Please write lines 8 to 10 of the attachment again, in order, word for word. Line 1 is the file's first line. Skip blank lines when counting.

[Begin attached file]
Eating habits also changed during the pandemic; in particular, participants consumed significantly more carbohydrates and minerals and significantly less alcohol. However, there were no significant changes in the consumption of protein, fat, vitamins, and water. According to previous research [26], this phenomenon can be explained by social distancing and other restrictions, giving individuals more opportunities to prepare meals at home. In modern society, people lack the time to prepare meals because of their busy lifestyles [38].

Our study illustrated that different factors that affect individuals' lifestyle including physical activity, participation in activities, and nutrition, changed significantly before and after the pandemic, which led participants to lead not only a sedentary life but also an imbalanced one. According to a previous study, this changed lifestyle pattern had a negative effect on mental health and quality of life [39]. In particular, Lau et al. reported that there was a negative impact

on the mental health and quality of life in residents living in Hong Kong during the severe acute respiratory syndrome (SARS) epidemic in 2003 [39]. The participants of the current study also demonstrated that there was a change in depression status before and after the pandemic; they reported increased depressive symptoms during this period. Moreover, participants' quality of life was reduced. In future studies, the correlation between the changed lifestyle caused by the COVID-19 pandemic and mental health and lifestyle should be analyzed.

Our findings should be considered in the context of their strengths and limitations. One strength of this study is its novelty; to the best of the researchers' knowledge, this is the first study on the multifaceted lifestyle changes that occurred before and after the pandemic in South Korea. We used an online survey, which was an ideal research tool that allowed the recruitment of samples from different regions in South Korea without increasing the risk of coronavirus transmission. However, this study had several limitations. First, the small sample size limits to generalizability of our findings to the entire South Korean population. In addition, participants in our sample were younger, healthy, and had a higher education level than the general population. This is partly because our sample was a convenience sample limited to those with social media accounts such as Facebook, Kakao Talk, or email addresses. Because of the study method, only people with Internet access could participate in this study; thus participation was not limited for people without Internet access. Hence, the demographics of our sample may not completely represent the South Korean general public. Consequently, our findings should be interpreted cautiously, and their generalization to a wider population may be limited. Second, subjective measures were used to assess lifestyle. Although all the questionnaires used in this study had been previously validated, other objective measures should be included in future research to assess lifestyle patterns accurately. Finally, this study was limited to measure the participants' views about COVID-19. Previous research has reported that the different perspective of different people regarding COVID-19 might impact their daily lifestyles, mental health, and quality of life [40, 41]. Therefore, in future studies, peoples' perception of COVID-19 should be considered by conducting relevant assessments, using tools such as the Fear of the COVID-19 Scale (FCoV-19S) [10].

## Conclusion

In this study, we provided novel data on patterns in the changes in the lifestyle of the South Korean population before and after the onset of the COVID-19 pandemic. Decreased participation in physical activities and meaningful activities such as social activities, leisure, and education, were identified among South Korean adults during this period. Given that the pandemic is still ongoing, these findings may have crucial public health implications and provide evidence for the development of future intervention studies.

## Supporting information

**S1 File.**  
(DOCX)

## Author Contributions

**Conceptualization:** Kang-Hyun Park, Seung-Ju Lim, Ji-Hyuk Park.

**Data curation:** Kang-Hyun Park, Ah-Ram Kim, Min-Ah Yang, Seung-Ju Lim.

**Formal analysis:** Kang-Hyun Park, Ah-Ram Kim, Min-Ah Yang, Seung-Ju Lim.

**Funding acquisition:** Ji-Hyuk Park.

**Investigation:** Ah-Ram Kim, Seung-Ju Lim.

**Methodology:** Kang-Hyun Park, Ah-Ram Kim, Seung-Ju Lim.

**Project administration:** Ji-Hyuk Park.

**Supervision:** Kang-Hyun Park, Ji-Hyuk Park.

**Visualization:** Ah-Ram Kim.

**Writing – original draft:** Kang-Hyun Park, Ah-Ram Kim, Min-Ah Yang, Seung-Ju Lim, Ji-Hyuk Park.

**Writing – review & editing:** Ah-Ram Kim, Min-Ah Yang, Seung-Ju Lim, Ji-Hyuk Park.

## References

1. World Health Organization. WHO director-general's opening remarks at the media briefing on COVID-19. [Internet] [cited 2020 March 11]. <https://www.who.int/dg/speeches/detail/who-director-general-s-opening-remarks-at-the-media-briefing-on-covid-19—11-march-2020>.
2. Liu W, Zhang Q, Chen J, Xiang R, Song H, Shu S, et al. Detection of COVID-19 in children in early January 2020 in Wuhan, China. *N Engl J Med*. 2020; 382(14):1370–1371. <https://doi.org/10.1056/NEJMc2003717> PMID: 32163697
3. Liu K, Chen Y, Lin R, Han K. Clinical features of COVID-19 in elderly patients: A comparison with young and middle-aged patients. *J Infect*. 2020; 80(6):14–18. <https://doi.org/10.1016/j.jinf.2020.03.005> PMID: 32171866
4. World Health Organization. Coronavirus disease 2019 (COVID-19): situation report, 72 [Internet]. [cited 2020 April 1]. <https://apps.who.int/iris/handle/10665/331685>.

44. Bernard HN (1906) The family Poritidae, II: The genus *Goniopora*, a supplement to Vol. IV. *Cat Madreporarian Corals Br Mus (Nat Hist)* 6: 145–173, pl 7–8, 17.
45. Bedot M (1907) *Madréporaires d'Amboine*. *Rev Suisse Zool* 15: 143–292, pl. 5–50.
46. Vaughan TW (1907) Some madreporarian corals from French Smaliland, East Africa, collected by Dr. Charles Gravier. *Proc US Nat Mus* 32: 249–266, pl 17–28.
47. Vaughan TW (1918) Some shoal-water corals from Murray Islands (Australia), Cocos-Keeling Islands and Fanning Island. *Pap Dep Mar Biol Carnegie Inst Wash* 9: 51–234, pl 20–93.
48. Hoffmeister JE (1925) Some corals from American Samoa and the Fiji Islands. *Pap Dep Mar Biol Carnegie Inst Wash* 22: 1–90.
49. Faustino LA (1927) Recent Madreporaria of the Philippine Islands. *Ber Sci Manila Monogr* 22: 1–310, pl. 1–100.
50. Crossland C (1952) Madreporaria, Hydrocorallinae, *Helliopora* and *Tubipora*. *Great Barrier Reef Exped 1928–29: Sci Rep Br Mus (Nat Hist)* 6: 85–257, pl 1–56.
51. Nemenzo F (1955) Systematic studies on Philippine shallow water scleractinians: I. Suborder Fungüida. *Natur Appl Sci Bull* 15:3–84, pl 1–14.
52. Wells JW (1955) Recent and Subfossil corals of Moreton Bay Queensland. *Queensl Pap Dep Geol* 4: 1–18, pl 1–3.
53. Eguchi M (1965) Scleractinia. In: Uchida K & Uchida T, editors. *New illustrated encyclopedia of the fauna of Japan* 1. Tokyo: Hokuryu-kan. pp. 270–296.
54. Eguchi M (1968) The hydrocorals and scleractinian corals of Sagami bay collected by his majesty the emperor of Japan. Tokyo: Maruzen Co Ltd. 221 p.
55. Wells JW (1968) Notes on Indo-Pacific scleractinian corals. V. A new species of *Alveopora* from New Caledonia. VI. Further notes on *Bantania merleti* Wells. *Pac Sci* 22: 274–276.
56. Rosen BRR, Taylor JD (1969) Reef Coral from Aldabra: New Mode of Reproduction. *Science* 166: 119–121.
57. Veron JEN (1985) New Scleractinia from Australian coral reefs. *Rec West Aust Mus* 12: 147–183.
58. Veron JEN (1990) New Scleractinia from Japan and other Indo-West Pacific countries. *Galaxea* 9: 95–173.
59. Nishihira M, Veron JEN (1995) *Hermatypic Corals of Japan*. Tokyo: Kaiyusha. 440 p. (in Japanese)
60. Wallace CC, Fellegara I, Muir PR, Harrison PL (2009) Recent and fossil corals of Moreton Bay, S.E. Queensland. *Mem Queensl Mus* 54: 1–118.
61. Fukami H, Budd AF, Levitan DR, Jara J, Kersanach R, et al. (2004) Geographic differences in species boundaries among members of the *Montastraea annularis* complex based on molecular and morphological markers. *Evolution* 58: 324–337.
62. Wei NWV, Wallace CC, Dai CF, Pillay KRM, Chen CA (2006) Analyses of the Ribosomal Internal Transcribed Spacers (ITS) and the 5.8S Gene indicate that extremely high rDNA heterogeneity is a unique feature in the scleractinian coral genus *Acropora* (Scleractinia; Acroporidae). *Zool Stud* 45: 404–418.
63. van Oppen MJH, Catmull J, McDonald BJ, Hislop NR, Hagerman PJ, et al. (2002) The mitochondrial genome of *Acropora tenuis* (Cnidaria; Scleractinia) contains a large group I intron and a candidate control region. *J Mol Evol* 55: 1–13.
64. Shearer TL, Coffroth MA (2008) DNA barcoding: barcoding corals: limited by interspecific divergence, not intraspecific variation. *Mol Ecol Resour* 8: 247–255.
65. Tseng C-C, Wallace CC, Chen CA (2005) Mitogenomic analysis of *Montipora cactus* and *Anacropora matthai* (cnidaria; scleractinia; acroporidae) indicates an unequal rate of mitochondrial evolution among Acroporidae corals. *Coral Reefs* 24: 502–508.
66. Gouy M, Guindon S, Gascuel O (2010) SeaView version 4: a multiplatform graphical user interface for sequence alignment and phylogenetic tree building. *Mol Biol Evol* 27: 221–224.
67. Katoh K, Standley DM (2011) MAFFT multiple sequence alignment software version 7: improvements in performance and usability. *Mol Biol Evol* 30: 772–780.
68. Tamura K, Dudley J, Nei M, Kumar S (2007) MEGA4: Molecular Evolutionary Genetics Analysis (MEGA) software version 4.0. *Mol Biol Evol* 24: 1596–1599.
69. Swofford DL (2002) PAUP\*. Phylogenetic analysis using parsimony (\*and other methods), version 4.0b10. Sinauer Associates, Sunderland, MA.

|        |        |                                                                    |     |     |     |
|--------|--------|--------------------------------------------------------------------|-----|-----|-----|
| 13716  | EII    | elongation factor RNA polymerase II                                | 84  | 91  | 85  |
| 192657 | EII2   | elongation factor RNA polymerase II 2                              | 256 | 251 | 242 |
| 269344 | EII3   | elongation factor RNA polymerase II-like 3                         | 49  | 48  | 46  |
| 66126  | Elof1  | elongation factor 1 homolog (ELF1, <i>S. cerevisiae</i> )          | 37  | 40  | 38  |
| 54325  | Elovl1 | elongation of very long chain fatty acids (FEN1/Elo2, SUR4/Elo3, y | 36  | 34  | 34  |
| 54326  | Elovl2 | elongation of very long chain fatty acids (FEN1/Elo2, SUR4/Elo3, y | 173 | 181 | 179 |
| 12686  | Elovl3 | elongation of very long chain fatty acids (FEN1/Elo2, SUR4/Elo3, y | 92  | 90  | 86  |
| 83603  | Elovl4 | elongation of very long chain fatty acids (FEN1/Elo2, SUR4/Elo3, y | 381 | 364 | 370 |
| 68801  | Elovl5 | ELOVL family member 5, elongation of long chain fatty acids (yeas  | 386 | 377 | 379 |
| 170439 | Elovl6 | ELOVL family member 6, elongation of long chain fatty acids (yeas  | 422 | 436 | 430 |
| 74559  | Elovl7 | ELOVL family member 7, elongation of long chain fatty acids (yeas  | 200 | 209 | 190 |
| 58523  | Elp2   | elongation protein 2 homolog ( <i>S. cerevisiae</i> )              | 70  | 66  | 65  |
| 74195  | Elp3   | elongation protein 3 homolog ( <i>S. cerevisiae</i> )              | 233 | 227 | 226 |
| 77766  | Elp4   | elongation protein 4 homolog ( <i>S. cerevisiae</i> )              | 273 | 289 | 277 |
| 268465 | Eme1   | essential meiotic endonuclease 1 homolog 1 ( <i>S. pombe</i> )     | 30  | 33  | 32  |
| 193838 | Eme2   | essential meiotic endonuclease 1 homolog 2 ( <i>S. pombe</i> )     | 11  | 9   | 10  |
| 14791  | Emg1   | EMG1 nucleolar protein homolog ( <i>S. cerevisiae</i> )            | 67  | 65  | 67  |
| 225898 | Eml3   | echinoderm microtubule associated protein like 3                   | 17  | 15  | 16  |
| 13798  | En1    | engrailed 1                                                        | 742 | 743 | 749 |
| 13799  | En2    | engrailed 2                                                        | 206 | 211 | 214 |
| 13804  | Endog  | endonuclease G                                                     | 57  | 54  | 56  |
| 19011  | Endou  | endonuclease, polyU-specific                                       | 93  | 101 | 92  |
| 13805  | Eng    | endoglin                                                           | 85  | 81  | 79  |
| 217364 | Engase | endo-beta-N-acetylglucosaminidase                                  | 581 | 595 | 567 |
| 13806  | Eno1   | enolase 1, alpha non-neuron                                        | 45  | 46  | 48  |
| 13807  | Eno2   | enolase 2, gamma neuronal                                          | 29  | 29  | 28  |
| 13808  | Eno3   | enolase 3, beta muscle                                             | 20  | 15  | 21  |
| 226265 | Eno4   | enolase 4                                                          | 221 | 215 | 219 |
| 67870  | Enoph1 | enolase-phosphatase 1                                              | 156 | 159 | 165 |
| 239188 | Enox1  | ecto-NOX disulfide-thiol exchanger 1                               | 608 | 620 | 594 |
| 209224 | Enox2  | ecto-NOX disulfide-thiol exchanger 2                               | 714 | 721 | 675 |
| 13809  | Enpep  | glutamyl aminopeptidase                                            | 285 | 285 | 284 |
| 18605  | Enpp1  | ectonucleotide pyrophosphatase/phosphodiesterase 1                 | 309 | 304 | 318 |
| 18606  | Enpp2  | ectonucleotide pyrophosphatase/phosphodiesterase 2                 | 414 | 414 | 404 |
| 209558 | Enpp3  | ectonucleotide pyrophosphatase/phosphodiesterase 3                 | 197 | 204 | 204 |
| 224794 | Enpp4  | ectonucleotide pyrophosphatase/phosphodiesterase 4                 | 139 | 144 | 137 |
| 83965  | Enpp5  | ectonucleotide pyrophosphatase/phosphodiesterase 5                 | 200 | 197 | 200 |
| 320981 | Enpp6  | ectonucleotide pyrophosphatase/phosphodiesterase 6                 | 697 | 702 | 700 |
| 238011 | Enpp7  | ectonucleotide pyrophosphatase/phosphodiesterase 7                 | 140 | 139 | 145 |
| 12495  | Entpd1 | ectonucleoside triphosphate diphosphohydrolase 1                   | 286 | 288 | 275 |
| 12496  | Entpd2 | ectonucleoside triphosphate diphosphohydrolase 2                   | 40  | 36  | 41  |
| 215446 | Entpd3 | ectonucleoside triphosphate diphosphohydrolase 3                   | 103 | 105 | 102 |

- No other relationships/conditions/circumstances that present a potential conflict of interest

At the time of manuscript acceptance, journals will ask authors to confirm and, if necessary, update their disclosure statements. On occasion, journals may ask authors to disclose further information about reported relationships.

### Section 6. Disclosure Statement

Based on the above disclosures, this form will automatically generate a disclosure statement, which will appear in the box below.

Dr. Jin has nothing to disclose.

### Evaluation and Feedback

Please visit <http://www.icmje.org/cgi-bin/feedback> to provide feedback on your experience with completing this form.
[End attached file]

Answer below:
**S1 File.**  
(DOCX)

## Author Contributions